Surprising find: By chance, paleontologists have uncovered a whole new form of fossils – tiny imprints on primeval pollen, spores and organic clumps. These “ghost fossils” come from calcareous algae, whose shells were once pressed into these bases and which remained as amazingly detailed imprints for millions of years. Only these microfossils prove that the calcareous algae survived even in the acidic oceans of past interglacial periods.
Microfossils are important witnesses of the past. The tiny fossils can reveal, for example, when the first cells or eukaryotic algae appeared on our planet. Scientists have also found fossils of the first terrestrial creatures in the form of fungi.
On the trail of the calcareous algae
The fossil relics of shell-forming plankton such as foraminifera or coccolithophores are of particular importance beyond paleontology. Because these marine organisms, often grouped together as calcareous algae, react sensitively to changes in temperature and acidity of the seawater. Their fossils therefore allow conclusions to be drawn about the climate of the past and in particular the consequences of prehistoric warm phases.
“Normally, paleontologists look for the fossils of these coccoliths – and if they don’t find any, they usually assume that these ancient plankton communities must have collapsed,” explains senior author Vivi Vajda from the Swedish Museum of Natural History in Stockholm. In fact, until now it looked as if these calcareous algae had disappeared in past times of strong global warming and ocean acidification.
Discovery under the electron microscope
But a chance find refutes this – and reveals a whole new form of microfossils. This was discovered by Vajda, first author Sam Slater and their colleagues when they wanted to examine 183-million-year-old rock samples from Germany, Great Britain, New Zealand and Japan for pollen and other organic matter. To do this, they first treated the samples with acid, which dissolves calcareous minerals and thus makes the organic relics more visible.
When the researchers then examined their samples under the electron microscope, they noticed something surprising: imprints of even smaller structures could be seen on the surface of the tiny pollen, spores and organic clumps – the shells of calcareous algae. Although the fossils of these organisms had long been destroyed, the shell impressions had survived for millions of years. “The discovery of these ‘ghost fossils’ was totally unexpected!” says Slater.
Even the details are perfectly preserved
Almost as surprising is the detailed preservation of these fossil imprints: “The ghost fossils are extremely small – at five micrometers in size, they are 15 times thinner than a human hair,” says co-author Paul Bown from University College London. “But the details of the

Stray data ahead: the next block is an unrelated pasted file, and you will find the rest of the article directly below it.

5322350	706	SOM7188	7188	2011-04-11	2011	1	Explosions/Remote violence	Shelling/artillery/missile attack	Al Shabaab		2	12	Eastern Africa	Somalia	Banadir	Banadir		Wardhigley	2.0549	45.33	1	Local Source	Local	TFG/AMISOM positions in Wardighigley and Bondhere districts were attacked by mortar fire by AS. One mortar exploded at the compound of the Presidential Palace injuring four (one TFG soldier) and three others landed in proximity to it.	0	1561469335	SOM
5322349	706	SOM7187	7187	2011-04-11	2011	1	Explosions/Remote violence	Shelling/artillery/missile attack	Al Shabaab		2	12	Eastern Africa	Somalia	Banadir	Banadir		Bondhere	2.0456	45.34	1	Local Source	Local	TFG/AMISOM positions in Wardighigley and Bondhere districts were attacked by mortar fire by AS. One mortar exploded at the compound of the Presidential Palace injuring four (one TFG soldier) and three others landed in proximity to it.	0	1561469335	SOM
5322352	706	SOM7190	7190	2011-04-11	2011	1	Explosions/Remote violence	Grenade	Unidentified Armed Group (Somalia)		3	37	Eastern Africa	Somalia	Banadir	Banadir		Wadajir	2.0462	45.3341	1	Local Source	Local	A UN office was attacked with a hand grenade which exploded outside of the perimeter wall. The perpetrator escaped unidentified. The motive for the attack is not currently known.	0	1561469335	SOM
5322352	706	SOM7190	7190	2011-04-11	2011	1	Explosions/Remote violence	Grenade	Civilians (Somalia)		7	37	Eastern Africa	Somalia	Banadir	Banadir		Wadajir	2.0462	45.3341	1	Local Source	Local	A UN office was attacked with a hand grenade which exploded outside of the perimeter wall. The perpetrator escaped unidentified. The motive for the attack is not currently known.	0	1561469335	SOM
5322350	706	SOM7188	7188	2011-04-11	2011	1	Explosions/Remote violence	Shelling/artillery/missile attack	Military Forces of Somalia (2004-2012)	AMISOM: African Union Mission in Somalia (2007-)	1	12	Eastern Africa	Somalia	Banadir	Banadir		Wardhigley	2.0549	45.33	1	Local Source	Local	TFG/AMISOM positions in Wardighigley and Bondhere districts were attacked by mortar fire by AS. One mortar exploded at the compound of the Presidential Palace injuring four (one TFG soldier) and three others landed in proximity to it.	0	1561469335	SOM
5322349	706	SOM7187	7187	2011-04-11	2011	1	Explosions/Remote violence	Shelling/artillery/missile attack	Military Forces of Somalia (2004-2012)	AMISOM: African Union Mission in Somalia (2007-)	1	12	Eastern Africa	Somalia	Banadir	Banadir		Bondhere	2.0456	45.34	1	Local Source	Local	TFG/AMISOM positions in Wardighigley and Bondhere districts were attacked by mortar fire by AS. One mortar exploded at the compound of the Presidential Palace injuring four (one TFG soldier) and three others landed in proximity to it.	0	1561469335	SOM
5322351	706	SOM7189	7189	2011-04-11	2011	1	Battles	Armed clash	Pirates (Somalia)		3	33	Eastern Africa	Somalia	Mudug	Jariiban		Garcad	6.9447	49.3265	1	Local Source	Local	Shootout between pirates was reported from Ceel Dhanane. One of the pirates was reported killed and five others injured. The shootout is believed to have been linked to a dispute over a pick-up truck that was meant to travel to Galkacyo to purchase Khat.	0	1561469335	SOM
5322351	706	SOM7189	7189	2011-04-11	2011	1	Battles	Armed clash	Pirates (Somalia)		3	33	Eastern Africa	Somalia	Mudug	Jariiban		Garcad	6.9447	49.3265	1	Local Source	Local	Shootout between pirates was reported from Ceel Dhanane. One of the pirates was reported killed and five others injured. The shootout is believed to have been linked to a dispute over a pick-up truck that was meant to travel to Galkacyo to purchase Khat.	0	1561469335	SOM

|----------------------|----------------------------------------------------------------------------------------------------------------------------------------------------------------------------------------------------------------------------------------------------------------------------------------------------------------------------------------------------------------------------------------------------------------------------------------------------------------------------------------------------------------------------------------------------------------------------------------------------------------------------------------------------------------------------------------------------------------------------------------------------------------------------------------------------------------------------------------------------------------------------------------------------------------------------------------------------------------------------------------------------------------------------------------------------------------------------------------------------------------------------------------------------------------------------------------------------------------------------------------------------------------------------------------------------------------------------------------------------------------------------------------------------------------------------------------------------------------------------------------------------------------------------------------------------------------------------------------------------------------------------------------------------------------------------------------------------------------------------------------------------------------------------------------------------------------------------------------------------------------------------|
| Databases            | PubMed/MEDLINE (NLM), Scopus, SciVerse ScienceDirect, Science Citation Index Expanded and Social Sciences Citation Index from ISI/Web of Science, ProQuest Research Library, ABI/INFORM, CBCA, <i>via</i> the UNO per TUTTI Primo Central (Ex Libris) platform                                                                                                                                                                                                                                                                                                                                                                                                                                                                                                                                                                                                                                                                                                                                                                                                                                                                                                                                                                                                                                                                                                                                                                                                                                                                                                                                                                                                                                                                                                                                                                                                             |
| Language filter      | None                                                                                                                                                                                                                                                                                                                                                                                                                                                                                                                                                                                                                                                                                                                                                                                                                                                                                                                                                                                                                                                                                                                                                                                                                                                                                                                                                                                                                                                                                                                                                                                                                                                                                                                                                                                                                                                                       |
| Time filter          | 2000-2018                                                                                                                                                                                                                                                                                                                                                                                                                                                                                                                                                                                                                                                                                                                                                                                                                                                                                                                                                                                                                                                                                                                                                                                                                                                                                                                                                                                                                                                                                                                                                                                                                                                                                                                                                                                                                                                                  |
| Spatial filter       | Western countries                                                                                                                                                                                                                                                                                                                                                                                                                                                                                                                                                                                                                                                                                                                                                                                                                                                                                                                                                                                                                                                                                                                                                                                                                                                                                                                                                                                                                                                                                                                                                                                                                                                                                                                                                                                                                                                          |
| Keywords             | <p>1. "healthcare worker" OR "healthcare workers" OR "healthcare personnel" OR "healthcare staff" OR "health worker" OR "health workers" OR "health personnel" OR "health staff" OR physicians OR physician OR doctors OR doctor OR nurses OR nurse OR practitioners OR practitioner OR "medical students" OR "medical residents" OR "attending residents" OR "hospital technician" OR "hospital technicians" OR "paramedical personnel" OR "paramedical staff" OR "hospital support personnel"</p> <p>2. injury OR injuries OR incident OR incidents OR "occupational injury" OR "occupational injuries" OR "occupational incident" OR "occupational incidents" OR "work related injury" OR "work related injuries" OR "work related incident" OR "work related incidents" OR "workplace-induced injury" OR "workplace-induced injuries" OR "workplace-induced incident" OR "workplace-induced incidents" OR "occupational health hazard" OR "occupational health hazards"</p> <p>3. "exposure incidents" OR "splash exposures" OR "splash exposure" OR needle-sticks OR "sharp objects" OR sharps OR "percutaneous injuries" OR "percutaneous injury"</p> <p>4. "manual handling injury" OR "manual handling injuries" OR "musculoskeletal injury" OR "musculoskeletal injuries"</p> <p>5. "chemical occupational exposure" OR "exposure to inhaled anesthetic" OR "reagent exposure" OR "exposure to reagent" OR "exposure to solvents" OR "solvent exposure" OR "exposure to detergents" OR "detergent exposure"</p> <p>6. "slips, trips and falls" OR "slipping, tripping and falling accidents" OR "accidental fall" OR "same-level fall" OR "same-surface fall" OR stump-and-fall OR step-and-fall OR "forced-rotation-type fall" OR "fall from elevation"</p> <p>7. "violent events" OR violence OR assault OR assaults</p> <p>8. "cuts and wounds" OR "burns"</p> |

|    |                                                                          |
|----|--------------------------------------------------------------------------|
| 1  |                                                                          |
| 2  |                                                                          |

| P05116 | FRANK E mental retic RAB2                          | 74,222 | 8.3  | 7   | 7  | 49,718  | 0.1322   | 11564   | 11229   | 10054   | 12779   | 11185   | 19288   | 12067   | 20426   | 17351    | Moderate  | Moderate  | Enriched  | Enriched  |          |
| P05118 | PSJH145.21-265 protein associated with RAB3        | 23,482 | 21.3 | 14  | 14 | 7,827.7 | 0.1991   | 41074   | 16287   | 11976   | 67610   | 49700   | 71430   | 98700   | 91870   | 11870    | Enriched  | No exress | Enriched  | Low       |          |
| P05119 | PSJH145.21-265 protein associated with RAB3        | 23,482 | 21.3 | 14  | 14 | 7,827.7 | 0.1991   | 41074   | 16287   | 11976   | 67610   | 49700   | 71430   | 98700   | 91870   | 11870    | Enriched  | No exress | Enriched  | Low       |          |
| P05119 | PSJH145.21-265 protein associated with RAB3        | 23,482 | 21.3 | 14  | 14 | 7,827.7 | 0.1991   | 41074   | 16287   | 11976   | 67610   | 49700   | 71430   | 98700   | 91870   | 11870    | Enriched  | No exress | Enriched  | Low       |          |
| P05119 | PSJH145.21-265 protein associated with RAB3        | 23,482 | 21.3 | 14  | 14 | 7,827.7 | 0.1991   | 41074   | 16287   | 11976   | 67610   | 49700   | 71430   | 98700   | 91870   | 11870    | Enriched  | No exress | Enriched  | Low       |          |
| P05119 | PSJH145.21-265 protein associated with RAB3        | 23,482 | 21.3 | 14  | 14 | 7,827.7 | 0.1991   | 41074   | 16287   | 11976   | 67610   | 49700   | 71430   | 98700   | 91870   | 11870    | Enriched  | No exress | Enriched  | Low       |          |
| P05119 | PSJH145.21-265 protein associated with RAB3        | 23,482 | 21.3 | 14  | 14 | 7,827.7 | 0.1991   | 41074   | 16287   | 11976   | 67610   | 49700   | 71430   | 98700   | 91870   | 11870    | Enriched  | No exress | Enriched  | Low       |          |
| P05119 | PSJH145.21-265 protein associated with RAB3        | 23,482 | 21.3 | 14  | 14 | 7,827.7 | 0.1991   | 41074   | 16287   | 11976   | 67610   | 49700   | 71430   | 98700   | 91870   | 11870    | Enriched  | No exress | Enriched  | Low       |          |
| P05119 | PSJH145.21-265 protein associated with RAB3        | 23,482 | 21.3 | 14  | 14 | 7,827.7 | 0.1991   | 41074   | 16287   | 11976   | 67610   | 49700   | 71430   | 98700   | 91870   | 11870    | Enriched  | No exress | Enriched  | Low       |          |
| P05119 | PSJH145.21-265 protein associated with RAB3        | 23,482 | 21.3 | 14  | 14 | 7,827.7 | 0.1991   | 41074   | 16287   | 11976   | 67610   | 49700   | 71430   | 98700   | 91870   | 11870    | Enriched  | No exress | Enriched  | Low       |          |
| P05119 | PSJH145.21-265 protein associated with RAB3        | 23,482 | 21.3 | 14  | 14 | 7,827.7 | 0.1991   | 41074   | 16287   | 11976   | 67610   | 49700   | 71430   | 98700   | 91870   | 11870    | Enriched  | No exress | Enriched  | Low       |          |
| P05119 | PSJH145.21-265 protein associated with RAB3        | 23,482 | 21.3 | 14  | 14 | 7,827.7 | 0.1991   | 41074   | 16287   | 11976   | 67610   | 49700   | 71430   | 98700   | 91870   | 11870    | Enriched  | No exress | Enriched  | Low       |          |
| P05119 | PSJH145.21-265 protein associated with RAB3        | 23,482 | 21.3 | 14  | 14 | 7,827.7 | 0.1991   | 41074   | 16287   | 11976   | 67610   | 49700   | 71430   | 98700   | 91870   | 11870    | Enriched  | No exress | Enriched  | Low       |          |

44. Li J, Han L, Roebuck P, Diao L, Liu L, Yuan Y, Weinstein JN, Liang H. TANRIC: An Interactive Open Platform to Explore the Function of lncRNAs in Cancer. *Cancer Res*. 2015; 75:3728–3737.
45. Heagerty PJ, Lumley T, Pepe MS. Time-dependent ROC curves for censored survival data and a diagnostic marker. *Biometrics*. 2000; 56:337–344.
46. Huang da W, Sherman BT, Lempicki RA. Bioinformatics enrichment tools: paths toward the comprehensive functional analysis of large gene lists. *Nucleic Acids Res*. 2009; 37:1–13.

original shell plates are still perfectly visible.” You can even determine the type of coccolithophores based on the ribs, arches and seams.
Next, to find out if these ghost fossils are a phenomenon that occurred only in a short time of the Earth’s history and in certain places, the scientists also examined rock samples from other geological eras, including the Early and Middle Cretaceous. They found what they were looking for there too. “We found imprint fossils during both Cretaceous warm periods,” the team reports. “This demonstrates that this nannofossil conservation is not unique to the Early Jurassic Toarcian.”
Recipe: Mud, pressure and acidic porewater
But how did these unusual fossil imprints come about? When the calcareous algae died millions of years ago and sank to the sea floor, they were gradually covered by sediment along with other remains of organisms. Where, for example, remains of calcareous algae lay close to pollen or clumps of excrement, they were pressed together by the increasing pressure in the subsoil. As a result, the hard calcareous shells of the coccolithophores pressed into the softer surfaces of their neighboring relics.
The team found the ghost fossils cluster in layers of rock that were once formed from fine, silty sediment rich in organic matter. “This indicates that the organic material was an important prerequisite, as it provided the deformable substrate on which the imprints were imprinted,” explain Slater and his colleagues. “At the same time, this also explains why the lime from the shells was then dissolved: high levels of organic material can make the pore water acidic during diagenesis.”
Limescale algae even survived warm phases
According to the researchers, the microprints not only reveal a new form of fossil formation, they also provide completely new insights into the history of the earth and climate. “It quickly became clear that the calcareous algae footprints were also common during periods when the normal coccolithophore fossils were rare or absent — that was a total surprise!” says Slater. “The ghost fossils show that the fossil record sometimes tricks us, and that there are other ways by which the calcareous nannoplankton can be preserved.”
Contrary to popular belief, the calcareous algae populations did not collapse during the primeval warm phases in the Jurassic and Cretaceous periods. Instead, calcareous flagellates apparently continued to thrive despite warming and acidification of the oceans of the time. “The footprints we discovered demonstrate the resilience of these nannoplankton communities during several past warm periods,” state Slater and his team.
This could mean that calcareous algae are better able to adapt to changes in ocean conditions than previously thought – and this may also be true in the current climate change. “These fossils overwrite our understanding of how calcareous nannoplankton respond to warming events,” says co-author Richard Twitchett of the Natural History Museum in London. (Science, 2022; doi:10.1126/science.abm7330)
Source: University College London
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